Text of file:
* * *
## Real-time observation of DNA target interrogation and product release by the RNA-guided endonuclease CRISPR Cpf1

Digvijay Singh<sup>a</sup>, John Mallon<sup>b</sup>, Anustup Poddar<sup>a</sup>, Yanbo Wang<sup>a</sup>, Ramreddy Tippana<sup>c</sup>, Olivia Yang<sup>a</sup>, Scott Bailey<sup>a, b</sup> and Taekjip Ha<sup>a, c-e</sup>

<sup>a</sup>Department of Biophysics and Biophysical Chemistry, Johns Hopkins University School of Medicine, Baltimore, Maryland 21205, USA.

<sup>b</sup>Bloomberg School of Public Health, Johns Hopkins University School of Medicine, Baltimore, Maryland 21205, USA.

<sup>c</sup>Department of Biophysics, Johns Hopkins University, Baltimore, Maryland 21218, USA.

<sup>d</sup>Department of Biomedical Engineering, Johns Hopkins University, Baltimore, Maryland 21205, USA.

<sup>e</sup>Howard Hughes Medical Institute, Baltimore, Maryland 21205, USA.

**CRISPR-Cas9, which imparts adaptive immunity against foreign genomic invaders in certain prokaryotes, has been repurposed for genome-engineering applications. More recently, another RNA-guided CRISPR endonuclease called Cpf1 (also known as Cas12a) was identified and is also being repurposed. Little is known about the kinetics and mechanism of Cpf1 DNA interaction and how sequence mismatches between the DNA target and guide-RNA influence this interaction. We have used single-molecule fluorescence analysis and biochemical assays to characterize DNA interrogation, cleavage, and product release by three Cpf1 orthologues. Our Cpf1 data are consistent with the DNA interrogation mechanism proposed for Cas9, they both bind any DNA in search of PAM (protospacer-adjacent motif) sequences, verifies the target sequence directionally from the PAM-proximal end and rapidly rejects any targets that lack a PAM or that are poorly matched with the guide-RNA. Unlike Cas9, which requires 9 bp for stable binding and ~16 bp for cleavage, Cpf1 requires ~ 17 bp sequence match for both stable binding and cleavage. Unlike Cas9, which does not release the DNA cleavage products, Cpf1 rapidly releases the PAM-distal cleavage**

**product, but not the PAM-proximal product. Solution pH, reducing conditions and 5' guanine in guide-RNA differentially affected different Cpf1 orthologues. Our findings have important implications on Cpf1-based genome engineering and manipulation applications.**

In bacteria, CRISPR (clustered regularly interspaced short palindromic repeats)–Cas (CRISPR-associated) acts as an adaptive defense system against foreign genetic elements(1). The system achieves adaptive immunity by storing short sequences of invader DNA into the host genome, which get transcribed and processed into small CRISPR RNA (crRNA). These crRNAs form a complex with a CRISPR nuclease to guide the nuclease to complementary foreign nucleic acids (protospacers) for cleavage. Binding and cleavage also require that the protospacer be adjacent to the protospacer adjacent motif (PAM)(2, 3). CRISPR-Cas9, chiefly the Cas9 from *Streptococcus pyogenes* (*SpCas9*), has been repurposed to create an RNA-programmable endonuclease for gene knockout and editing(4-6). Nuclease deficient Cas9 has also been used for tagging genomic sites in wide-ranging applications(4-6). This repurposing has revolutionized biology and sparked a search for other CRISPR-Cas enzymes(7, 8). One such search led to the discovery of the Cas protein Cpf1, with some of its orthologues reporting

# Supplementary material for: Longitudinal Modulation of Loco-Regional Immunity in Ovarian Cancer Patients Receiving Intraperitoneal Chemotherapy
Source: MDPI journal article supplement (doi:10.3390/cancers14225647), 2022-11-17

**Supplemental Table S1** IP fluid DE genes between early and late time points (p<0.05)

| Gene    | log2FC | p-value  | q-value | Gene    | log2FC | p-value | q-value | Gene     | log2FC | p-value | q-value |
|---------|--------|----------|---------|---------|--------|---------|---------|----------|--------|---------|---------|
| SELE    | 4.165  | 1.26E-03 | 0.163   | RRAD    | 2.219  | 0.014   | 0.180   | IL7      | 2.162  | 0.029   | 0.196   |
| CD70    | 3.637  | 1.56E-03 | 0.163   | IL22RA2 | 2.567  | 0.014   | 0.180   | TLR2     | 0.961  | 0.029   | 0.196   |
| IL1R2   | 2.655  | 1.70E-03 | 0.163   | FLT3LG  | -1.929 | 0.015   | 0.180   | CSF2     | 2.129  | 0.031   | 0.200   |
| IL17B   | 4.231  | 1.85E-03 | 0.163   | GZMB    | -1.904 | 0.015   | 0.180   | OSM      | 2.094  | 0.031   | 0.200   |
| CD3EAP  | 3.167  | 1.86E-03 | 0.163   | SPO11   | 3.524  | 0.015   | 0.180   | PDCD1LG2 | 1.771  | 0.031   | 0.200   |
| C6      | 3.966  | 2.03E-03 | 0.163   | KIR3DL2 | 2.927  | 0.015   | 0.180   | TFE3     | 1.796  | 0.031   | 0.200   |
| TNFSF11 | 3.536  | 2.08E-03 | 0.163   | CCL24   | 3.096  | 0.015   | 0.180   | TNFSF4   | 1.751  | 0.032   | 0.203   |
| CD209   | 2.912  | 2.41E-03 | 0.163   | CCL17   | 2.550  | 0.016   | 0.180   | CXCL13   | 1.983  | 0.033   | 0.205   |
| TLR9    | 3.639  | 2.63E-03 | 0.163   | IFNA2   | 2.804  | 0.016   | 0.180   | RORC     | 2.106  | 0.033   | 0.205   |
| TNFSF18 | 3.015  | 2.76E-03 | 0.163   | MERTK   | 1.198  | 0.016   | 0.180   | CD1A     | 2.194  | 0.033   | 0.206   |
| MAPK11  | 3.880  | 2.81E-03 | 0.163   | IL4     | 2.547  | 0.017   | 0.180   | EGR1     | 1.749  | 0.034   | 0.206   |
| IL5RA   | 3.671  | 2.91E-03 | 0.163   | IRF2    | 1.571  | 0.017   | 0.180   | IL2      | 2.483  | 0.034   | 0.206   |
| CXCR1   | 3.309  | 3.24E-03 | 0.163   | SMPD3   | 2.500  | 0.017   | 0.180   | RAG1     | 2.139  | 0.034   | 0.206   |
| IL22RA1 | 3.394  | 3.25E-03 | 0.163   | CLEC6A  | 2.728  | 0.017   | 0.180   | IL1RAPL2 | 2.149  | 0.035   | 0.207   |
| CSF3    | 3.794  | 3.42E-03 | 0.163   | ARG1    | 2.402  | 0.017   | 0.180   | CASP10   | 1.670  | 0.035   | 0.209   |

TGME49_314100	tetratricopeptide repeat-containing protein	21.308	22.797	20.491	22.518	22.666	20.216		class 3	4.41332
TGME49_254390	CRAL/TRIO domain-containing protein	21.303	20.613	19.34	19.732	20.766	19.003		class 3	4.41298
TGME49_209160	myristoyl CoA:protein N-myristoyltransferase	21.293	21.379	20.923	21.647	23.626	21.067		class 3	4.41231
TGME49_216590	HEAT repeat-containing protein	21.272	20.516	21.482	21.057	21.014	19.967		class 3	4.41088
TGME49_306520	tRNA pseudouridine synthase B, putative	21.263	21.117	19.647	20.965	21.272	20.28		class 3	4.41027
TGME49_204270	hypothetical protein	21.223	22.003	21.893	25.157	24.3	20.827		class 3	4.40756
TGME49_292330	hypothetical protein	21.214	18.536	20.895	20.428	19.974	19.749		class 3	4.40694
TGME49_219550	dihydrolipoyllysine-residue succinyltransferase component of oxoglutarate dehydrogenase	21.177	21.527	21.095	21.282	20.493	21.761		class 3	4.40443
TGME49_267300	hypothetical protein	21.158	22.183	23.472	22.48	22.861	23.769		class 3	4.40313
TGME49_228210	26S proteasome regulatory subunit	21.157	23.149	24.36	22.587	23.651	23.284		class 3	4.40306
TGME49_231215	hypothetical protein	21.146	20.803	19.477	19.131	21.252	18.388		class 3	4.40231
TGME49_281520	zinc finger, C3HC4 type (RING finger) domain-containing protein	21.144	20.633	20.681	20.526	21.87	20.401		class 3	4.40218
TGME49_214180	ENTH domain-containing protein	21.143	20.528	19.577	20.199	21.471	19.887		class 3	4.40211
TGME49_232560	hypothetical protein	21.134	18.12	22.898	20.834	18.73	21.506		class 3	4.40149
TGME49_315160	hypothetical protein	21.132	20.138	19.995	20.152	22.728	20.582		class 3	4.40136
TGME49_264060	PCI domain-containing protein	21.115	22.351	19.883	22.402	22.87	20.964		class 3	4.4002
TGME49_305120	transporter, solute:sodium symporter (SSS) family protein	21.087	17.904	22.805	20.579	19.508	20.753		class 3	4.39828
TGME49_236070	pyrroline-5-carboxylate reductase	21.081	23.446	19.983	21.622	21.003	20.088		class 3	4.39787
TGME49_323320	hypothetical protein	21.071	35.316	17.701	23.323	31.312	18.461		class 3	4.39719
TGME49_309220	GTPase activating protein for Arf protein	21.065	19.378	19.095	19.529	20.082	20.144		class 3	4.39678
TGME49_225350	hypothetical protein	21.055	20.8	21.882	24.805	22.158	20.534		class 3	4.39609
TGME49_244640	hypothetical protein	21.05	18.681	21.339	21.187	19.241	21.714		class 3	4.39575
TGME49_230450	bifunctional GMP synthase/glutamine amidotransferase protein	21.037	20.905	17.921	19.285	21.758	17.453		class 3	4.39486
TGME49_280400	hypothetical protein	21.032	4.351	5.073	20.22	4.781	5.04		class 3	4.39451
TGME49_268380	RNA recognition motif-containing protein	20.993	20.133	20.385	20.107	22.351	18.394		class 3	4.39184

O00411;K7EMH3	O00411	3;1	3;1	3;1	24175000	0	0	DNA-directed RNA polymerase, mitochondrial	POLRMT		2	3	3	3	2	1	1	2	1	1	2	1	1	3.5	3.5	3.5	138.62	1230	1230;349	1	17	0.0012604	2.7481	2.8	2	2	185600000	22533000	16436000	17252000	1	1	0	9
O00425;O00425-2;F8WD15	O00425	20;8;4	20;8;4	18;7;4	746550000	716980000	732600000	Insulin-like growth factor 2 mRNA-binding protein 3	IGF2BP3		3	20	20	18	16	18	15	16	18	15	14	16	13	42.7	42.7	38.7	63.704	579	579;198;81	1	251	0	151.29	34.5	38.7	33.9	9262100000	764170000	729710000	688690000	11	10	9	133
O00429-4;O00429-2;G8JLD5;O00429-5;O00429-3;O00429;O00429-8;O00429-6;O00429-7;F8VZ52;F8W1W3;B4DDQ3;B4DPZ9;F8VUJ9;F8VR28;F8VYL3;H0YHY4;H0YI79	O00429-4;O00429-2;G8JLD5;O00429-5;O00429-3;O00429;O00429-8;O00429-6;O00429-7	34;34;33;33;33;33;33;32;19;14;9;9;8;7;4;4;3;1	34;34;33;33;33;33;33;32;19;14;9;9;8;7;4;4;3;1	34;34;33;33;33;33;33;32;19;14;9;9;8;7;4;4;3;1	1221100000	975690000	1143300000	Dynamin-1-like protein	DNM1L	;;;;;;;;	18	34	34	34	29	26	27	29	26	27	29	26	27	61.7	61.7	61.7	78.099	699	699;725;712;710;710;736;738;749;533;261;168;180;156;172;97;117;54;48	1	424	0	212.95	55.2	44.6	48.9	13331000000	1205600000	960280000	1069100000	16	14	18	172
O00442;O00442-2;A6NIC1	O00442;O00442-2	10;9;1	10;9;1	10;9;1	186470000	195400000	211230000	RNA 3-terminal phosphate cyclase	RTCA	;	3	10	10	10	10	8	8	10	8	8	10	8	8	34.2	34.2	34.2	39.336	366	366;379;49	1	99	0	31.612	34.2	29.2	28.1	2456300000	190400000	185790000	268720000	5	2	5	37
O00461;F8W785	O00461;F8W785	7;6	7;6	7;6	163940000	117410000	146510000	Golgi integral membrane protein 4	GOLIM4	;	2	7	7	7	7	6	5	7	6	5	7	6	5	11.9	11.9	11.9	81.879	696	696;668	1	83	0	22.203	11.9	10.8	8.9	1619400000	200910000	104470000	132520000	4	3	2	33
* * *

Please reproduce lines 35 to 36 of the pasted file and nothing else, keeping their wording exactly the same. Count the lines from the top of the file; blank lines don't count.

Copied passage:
TGME49_306520	tRNA pseudouridine synthase B, putative	21.263	21.117	19.647	20.965	21.272	20.28		class 3	4.41027
TGME49_204270	hypothetical protein	21.223	22.003	21.893	25.157	24.3	20.827		class 3	4.40756